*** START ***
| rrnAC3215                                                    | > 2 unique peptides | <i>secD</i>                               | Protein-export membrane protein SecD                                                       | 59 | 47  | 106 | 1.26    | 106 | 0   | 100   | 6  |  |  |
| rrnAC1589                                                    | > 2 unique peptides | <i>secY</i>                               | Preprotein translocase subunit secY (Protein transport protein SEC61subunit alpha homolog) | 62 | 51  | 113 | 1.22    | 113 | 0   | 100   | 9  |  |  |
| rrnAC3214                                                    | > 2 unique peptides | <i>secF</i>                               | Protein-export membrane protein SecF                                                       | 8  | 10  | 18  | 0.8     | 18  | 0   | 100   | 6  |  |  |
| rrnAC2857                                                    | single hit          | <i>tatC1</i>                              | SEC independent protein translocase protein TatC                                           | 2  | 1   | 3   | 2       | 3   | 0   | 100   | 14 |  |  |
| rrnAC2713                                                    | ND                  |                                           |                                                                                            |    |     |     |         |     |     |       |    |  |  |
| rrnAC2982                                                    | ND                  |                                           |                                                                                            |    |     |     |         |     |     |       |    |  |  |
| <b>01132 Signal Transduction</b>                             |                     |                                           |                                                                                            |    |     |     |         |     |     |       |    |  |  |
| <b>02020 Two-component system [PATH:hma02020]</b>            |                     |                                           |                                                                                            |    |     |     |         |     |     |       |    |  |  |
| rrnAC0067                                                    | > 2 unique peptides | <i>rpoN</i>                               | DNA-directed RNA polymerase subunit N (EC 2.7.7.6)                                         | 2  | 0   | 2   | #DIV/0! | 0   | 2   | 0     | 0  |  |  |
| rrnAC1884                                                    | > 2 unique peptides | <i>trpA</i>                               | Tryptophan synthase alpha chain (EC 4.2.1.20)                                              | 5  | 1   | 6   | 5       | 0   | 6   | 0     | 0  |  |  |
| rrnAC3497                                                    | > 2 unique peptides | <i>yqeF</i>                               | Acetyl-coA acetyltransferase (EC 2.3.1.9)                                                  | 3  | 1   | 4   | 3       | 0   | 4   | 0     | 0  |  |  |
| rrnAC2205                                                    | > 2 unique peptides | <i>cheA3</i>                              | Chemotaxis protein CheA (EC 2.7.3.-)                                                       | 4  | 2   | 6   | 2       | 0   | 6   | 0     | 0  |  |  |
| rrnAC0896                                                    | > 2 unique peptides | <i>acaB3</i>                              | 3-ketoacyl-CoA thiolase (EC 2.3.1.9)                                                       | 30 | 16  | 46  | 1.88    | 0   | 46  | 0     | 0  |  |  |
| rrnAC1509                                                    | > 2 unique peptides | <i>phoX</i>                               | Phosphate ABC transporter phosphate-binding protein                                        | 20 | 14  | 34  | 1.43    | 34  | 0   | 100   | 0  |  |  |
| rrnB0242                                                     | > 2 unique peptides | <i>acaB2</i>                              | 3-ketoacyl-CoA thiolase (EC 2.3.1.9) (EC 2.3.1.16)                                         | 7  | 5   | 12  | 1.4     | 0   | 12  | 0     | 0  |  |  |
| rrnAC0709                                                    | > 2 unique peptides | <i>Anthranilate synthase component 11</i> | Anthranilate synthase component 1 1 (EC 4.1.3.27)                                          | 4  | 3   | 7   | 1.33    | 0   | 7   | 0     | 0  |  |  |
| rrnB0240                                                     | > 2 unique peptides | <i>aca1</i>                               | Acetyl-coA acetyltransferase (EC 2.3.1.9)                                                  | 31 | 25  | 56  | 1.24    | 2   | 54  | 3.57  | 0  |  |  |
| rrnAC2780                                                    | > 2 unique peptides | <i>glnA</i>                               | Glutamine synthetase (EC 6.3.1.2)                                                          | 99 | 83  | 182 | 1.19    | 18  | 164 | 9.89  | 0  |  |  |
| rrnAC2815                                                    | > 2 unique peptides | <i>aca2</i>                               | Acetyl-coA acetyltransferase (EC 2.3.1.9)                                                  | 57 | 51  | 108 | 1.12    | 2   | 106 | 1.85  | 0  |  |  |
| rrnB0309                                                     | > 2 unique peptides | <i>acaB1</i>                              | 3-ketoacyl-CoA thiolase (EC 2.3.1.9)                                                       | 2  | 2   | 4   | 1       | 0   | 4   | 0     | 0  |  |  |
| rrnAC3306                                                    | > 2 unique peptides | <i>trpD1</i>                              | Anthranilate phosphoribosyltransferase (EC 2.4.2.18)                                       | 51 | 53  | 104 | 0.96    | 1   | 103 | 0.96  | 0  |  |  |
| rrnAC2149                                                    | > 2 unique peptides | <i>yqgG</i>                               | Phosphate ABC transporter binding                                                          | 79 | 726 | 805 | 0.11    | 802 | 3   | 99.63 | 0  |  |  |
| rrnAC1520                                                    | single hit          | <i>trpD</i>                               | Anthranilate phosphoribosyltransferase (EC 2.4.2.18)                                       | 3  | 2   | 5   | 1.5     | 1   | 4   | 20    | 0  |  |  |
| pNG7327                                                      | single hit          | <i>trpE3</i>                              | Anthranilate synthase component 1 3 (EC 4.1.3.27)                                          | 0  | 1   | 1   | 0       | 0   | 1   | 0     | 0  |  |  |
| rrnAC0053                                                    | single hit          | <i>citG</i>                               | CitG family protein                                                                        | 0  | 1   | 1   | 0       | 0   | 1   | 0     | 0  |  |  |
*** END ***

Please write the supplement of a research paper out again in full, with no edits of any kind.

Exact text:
| rrnAC3215                                                    | > 2 unique peptides | <i>secD</i>                               | Protein-export membrane protein SecD                                                       | 59 | 47  | 106 | 1.26    | 106 | 0   | 100   | 6  |  |  |
| rrnAC1589                                                    | > 2 unique peptides | <i>secY</i>                               | Preprotein translocase subunit secY (Protein transport protein SEC61subunit alpha homolog) | 62 | 51  | 113 | 1.22    | 113 | 0   | 100   | 9  |  |  |
| rrnAC3214                                                    | > 2 unique peptides | <i>secF</i>                               | Protein-export membrane protein SecF                                                       | 8  | 10  | 18  | 0.8     | 18  | 0   | 100   | 6  |  |  |
| rrnAC2857                                                    | single hit          | <i>tatC1</i>                              | SEC independent protein translocase protein TatC                                           | 2  | 1   | 3   | 2       | 3   | 0   | 100   | 14 |  |  |
| rrnAC2713                                                    | ND                  |                                           |                                                                                            |    |     |     |         |     |     |       |    |  |  |
| rrnAC2982                                                    | ND                  |                                           |                                                                                            |    |     |     |         |     |     |       |    |  |  |
| <b>01132 Signal Transduction</b>                             |                     |                                           |                                                                                            |    |     |     |         |     |     |       |    |  |  |
| <b>02020 Two-component system [PATH:hma02020]</b>            |                     |                                           |                                                                                            |    |     |     |         |     |     |       |    |  |  |
| rrnAC0067                                                    | > 2 unique peptides | <i>rpoN</i>                               | DNA-directed RNA polymerase subunit N (EC 2.7.7.6)                                         | 2  | 0   | 2   | #DIV/0! | 0   | 2   | 0     | 0  |  |  |
| rrnAC1884                                                    | > 2 unique peptides | <i>trpA</i>                               | Tryptophan synthase alpha chain (EC 4.2.1.20)                                              | 5  | 1   | 6   | 5       | 0   | 6   | 0     | 0  |  |  |
| rrnAC3497                                                    | > 2 unique peptides | <i>yqeF</i>                               | Acetyl-coA acetyltransferase (EC 2.3.1.9)                                                  | 3  | 1   | 4   | 3       | 0   | 4   | 0     | 0  |  |  |
| rrnAC2205                                                    | > 2 unique peptides | <i>cheA3</i>                              | Chemotaxis protein CheA (EC 2.7.3.-)                                                       | 4  | 2   | 6   | 2       | 0   | 6   | 0     | 0  |  |  |
| rrnAC0896                                                    | > 2 unique peptides | <i>acaB3</i>                              | 3-ketoacyl-CoA thiolase (EC 2.3.1.9)                                                       | 30 | 16  | 46  | 1.88    | 0   | 46  | 0     | 0  |  |  |
| rrnAC1509                                                    | > 2 unique peptides | <i>phoX</i>                               | Phosphate ABC transporter phosphate-binding protein                                        | 20 | 14  | 34  | 1.43    | 34  | 0   | 100   | 0  |  |  |
| rrnB0242                                                     | > 2 unique peptides | <i>acaB2</i>                              | 3-ketoacyl-CoA thiolase (EC 2.3.1.9) (EC 2.3.1.16)                                         | 7  | 5   | 12  | 1.4     | 0   | 12  | 0     | 0  |  |  |
| rrnAC0709                                                    | > 2 unique peptides | <i>Anthranilate synthase component 11</i> | Anthranilate synthase component 1 1 (EC 4.1.3.27)                                          | 4  | 3   | 7   | 1.33    | 0   | 7   | 0     | 0  |  |  |
| rrnB0240                                                     | > 2 unique peptides | <i>aca1</i>                               | Acetyl-coA acetyltransferase (EC 2.3.1.9)                                                  | 31 | 25  | 56  | 1.24    | 2   | 54  | 3.57  | 0  |  |  |
| rrnAC2780                                                    | > 2 unique peptides | <i>glnA</i>                               | Glutamine synthetase (EC 6.3.1.2)                                                          | 99 | 83  | 182 | 1.19    | 18  | 164 | 9.89  | 0  |  |  |
| rrnAC2815                                                    | > 2 unique peptides | <i>aca2</i>                               | Acetyl-coA acetyltransferase (EC 2.3.1.9)                                                  | 57 | 51  | 108 | 1.12    | 2   | 106 | 1.85  | 0  |  |  |
| rrnB0309                                                     | > 2 unique peptides | <i>acaB1</i>                              | 3-ketoacyl-CoA thiolase (EC 2.3.1.9)                                                       | 2  | 2   | 4   | 1       | 0   | 4   | 0     | 0  |  |  |
| rrnAC3306                                                    | > 2 unique peptides | <i>trpD1</i>                              | Anthranilate phosphoribosyltransferase (EC 2.4.2.18)                                       | 51 | 53  | 104 | 0.96    | 1   | 103 | 0.96  | 0  |  |  |
| rrnAC2149                                                    | > 2 unique peptides | <i>yqgG</i>                               | Phosphate ABC transporter binding                                                          | 79 | 726 | 805 | 0.11    | 802 | 3   | 99.63 | 0  |  |  |
| rrnAC1520                                                    | single hit          | <i>trpD</i>                               | Anthranilate phosphoribosyltransferase (EC 2.4.2.18)                                       | 3  | 2   | 5   | 1.5     | 1   | 4   | 20    | 0  |  |  |
| pNG7327                                                      | single hit          | <i>trpE3</i>                              | Anthranilate synthase component 1 3 (EC 4.1.3.27)                                          | 0  | 1   | 1   | 0       | 0   | 1   | 0     | 0  |  |  |
| rrnAC0053                                                    | single hit          | <i>citG</i>                               | CitG family protein                                                                        | 0  | 1   | 1   | 0       | 0   | 1   | 0     | 0  |  |  |